I’m unsure as to how unconventional my view of altruism is among Christians but, for me, when I logically attempt to derive a conclusion as to whether the phenomenon truly exists, I only ever come to one answer. I should be clear that when I talk about altruism here, I am referring to the idea of complete selflessness; an ability to ultimately and definitively put someone else’s needs above one’s own.
One of the most common arguments used against the concept of a perfect, divine entity is that there is so much evil and suffering in the world. You don’t have to look far away to see pain, anguish and horrific mistreatment and to many people this is conclusive evidence that if there is a God; He cannot be both good and omnipotent. I’ve heard responses to this point that have been awful, and have seen some that completely dodge around it, ignoring the object and instead feeding you a decoy lined with uncommon theological jargon.
I think, certainly in the UK, people see Christianity as a form of life insurance, something that old people turn to in order to feel safe for their future. People have a very traditional view of what it means to be a Christian, and what church is like and see it is somewhere to go to when your mind is slowly deteriorating that gives comfort and peace in those final years. It is true that this aspect of Christianity exists, this is undeniable, but anyone who takes any of the teachings seriously will tell you that faith in the Christian God is far more complex, and far more relational than just a get-out-of-jail-free card.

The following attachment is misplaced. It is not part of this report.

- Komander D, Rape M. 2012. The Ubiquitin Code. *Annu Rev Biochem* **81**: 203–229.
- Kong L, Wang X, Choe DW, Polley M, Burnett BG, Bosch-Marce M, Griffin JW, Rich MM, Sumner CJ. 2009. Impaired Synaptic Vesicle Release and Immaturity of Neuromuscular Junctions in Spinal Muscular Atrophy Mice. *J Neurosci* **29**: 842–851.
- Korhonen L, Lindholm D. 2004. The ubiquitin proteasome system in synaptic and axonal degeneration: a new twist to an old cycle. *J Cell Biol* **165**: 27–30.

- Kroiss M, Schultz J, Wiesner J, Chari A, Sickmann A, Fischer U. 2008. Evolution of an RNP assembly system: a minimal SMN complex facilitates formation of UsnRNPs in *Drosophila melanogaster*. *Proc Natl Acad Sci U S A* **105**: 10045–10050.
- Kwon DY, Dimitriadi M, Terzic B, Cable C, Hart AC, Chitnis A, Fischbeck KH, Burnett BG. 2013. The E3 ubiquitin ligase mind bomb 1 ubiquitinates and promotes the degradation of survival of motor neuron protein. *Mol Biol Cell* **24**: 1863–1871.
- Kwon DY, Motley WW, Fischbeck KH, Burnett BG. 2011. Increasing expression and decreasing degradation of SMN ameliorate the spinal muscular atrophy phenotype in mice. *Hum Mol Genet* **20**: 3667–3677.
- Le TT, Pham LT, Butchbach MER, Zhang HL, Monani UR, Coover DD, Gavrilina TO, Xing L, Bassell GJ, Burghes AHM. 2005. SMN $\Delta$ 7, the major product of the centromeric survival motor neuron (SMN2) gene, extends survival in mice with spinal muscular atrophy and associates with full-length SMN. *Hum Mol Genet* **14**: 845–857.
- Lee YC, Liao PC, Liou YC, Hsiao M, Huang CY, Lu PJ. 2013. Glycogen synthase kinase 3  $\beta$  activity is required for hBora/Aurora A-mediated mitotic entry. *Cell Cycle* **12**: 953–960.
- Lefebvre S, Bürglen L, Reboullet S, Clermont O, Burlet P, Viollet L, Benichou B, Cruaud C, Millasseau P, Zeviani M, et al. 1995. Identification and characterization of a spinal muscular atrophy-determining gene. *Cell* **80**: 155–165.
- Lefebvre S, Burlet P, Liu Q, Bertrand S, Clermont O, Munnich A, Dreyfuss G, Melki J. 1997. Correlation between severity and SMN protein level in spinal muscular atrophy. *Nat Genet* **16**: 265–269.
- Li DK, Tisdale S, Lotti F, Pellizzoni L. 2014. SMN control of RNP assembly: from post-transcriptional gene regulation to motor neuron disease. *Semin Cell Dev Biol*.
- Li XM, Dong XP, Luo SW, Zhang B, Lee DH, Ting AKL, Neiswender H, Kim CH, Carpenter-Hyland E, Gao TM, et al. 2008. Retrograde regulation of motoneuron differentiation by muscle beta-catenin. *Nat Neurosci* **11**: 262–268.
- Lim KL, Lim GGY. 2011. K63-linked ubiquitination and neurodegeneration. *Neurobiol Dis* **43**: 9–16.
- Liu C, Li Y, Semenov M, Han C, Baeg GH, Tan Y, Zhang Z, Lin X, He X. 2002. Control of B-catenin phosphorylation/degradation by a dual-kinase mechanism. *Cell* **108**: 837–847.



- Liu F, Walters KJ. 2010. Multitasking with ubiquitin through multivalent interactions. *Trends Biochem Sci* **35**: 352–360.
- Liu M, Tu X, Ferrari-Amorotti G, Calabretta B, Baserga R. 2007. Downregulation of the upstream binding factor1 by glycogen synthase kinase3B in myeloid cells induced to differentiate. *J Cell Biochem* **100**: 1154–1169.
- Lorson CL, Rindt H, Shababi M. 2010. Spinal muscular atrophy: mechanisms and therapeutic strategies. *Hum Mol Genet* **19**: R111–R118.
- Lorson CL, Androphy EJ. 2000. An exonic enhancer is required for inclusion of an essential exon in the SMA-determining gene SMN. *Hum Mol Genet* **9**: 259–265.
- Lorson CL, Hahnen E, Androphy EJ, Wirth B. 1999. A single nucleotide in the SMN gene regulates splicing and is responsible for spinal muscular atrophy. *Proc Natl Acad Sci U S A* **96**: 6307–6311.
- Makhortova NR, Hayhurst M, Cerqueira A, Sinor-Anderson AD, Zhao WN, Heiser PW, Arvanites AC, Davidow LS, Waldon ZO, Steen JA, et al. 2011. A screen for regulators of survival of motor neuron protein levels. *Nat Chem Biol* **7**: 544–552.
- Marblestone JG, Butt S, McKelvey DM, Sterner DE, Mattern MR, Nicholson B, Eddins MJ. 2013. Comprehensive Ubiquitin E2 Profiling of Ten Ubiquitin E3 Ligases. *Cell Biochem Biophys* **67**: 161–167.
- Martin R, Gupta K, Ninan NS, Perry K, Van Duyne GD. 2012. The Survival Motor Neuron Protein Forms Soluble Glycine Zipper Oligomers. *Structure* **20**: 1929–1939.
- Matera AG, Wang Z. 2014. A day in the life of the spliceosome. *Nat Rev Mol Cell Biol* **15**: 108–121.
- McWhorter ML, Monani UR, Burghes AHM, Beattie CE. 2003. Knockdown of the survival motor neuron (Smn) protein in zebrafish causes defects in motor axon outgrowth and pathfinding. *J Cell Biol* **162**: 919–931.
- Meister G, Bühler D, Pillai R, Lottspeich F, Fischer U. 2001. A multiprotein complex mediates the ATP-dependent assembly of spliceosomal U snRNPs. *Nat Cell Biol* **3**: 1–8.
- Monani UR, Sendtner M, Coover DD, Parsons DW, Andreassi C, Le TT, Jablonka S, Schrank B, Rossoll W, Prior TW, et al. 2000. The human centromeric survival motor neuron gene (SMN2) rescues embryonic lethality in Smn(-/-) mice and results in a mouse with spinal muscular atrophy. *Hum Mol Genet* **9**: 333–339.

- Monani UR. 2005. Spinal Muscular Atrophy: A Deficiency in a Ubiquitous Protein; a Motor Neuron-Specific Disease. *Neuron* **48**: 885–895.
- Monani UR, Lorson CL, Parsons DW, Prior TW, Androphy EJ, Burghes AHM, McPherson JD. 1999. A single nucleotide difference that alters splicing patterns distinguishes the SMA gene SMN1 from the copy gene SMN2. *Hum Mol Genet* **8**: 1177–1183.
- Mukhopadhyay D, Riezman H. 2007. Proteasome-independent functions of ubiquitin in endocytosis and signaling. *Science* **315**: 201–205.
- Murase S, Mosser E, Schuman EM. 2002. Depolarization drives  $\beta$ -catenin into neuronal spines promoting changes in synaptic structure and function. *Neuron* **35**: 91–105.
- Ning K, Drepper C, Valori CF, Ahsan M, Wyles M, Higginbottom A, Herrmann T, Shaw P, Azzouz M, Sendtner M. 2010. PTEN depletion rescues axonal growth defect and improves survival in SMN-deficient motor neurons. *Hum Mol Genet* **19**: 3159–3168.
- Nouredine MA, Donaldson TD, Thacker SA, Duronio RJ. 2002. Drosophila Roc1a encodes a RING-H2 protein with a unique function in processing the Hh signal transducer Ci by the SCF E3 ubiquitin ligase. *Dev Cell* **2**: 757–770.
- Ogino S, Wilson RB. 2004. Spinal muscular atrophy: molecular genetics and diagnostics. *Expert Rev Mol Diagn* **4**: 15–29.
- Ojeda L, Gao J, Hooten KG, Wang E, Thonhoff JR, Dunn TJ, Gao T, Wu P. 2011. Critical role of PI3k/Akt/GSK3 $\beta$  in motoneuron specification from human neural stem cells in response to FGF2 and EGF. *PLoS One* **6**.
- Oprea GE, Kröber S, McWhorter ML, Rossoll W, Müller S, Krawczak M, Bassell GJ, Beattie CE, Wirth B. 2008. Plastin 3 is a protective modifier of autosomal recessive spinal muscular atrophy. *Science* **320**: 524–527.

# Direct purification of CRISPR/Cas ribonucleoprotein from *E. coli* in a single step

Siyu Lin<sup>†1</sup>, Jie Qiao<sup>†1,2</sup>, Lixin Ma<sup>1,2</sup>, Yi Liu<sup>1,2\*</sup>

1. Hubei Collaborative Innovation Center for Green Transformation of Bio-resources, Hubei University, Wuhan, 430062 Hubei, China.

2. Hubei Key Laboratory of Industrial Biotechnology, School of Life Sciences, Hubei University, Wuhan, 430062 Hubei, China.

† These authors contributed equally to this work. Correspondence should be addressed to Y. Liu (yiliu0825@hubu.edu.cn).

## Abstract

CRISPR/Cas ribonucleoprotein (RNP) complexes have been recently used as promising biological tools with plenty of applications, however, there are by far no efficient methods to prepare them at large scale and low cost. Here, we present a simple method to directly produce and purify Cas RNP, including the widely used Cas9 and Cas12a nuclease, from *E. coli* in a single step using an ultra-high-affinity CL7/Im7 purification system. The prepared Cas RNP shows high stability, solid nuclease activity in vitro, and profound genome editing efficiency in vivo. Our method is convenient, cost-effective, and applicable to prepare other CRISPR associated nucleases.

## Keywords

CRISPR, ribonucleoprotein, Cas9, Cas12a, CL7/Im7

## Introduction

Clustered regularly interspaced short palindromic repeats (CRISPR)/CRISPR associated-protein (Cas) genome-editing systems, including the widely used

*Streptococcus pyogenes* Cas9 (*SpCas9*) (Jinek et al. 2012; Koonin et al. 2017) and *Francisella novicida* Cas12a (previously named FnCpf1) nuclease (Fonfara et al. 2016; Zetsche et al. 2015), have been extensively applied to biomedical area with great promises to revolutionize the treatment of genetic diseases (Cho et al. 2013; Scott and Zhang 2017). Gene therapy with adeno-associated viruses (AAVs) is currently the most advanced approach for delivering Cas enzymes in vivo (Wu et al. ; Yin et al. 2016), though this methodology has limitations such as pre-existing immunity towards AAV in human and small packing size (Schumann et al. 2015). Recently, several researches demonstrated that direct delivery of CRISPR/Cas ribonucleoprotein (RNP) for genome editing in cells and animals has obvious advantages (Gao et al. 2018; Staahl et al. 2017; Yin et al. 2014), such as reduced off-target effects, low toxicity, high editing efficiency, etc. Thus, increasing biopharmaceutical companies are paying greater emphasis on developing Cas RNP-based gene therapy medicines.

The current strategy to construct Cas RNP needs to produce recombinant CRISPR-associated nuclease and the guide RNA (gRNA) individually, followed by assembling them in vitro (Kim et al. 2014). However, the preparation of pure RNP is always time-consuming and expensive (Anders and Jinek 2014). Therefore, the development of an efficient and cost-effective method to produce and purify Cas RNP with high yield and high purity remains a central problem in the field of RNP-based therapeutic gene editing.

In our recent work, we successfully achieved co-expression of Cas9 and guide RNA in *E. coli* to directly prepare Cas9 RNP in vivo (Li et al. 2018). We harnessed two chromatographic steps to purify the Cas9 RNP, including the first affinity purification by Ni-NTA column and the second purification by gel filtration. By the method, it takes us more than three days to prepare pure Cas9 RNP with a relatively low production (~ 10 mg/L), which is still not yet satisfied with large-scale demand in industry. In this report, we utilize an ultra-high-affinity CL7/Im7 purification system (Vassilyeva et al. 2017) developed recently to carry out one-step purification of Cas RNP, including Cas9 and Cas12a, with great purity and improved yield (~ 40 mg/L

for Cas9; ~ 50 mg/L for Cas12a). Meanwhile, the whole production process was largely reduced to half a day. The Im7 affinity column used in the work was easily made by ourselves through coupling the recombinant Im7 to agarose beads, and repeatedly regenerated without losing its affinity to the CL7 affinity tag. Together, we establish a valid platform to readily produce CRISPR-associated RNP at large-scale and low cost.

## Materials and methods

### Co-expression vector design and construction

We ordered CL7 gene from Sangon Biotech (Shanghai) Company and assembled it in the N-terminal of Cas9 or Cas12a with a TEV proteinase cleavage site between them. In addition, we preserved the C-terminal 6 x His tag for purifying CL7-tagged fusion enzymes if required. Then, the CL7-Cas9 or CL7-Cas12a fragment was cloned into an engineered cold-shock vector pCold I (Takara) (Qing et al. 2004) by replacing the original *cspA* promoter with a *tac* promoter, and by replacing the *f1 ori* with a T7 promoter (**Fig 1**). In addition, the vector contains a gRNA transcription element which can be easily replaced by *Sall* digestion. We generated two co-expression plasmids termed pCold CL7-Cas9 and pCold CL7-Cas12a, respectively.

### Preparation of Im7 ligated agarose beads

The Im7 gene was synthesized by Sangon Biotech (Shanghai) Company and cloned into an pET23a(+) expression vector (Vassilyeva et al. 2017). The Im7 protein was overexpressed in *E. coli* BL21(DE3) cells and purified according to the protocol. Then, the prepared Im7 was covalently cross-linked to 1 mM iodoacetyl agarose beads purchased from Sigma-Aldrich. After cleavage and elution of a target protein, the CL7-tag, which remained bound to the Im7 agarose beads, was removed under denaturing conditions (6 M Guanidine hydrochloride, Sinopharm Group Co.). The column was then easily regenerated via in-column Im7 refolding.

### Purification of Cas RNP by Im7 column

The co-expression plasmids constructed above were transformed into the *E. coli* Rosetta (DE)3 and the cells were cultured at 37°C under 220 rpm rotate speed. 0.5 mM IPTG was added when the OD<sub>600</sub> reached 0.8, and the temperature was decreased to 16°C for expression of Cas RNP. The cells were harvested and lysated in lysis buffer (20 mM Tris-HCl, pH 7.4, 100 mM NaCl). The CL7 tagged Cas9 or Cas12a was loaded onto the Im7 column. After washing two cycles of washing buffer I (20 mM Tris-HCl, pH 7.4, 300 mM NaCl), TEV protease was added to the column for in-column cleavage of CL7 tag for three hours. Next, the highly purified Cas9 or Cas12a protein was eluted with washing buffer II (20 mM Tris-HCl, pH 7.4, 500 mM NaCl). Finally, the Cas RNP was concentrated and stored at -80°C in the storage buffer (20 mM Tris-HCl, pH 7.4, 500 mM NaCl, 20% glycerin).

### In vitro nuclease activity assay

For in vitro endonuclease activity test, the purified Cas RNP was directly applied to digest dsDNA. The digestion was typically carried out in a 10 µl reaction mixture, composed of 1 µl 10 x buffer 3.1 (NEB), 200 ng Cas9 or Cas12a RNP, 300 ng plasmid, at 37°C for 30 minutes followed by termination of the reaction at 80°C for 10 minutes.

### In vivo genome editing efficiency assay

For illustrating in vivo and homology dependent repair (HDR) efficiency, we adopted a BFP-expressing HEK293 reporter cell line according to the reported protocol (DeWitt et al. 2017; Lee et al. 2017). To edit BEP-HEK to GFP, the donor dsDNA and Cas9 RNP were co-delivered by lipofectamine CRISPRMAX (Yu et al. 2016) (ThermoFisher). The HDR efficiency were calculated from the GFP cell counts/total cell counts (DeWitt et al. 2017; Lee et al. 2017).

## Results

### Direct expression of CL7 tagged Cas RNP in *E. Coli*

We’ve all told that little white lie occasionally, perhaps our friend looks “absolutely wonderful” with their new life-sized tattoo of a cat’s head on the back of their neck. Or our mother has a “simply beautiful” singing voice when really it takes every ounce of self control not to cover your ears and run – we are just trying to be polite. Unfortunately, we undeniably live in a world where we can’t just go around saying what we think, we often have some fairly hurtful opinions that our minds do not hesitate to put into the clearest of words. Even the least intelligent of people seem incredibly practised in their use of imagery when talking about the new haircut of “that idiot over there;” it can be anything from a ‘dirty mop’ to a ‘dead cat.’ So, quite reasonably it seems, we are prevented from saying exactly what is on our minds.
If someone does something that is perceived as wrong then they tend to be punished. In the case of children, this punishment is usually administered as a form of discipline, teaching the difference between acceptable and unacceptable behaviour. They aren’t punished because of the thing that they did wrong, but because they are being shaped and moulded into the person that their carer wants them to be; it’s an act of love, or at least it should be. Most legal systems work on slightly different principles – their punishments are based on retribution, deterrence and rehabilitation.